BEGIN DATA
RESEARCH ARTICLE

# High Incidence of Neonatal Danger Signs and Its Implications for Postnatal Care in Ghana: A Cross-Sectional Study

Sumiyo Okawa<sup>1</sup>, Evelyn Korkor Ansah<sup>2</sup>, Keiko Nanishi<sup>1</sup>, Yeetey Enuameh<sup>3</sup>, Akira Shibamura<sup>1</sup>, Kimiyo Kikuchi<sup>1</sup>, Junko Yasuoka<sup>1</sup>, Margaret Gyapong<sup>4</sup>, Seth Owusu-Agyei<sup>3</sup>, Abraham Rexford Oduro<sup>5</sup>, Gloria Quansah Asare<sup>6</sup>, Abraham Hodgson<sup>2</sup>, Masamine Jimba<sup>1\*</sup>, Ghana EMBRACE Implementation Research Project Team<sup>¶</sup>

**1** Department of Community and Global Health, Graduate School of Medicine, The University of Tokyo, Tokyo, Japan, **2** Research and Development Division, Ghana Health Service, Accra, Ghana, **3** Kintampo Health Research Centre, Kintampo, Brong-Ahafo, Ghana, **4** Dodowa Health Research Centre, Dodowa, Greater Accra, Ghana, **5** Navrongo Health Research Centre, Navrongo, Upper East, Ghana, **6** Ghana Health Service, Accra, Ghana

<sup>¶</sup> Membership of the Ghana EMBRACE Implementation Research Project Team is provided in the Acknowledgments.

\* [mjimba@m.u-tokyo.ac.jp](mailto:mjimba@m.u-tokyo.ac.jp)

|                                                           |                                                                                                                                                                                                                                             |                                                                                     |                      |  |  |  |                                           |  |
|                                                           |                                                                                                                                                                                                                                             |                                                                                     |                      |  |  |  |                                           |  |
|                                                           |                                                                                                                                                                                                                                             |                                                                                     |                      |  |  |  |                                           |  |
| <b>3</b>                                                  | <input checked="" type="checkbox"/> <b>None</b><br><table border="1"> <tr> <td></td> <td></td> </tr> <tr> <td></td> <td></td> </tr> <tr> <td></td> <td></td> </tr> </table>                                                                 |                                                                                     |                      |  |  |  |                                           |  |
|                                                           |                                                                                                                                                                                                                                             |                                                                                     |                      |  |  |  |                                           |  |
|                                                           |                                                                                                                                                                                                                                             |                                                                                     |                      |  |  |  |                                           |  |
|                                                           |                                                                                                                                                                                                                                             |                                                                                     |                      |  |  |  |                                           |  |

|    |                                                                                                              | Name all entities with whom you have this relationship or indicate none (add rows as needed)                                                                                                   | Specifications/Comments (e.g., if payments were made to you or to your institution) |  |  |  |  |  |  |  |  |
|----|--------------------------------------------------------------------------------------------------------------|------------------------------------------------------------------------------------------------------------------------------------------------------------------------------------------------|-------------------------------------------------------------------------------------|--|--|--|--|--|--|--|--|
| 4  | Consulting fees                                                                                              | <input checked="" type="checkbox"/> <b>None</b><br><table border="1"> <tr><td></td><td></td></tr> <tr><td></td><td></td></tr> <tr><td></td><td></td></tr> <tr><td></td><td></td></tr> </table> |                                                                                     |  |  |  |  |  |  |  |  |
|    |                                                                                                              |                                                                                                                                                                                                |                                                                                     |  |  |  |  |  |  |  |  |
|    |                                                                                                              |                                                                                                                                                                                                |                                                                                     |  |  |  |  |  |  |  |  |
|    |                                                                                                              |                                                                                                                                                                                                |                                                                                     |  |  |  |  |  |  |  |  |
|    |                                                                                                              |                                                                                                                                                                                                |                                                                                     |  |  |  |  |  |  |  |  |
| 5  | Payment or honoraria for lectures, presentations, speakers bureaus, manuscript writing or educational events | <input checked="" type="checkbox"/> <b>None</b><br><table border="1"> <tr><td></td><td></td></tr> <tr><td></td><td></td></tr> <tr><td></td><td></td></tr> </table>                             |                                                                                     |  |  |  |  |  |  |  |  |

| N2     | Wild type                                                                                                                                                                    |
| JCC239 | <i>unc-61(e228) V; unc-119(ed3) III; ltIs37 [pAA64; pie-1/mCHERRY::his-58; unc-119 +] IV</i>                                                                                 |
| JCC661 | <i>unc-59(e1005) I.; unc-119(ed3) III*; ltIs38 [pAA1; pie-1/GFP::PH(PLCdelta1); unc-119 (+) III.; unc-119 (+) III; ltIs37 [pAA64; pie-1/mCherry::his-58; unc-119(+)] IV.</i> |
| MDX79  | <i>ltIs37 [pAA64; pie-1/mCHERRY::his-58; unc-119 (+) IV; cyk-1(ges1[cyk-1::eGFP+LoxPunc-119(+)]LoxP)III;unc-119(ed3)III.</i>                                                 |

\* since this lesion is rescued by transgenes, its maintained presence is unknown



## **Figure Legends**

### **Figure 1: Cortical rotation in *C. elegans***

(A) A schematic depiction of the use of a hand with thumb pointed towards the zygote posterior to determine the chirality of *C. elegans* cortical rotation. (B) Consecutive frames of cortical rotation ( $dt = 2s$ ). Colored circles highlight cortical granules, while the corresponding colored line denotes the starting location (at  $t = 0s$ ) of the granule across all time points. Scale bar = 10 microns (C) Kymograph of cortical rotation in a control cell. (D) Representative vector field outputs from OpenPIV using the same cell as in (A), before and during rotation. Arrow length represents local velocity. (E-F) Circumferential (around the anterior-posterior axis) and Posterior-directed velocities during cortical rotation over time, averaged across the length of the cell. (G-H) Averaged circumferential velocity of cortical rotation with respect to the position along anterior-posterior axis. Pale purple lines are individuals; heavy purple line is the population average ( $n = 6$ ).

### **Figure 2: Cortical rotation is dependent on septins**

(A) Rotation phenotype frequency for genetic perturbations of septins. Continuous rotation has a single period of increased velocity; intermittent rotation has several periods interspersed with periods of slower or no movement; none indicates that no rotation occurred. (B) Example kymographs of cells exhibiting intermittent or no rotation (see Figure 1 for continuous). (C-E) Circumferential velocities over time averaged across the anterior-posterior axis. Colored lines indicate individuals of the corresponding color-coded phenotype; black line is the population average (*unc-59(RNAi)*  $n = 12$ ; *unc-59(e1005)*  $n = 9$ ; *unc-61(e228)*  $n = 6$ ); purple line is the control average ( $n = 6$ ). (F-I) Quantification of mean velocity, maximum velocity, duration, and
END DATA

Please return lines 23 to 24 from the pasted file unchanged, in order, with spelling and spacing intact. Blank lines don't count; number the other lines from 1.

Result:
| JCC239 | <i>unc-61(e228) V; unc-119(ed3) III; ltIs37 [pAA64; pie-1/mCHERRY::his-58; unc-119 +] IV</i>                                                                                 |
| JCC661 | <i>unc-59(e1005) I.; unc-119(ed3) III*; ltIs38 [pAA1; pie-1/GFP::PH(PLCdelta1); unc-119 (+) III.; unc-119 (+) III; ltIs37 [pAA64; pie-1/mCherry::his-58; unc-119(+)] IV.</i> |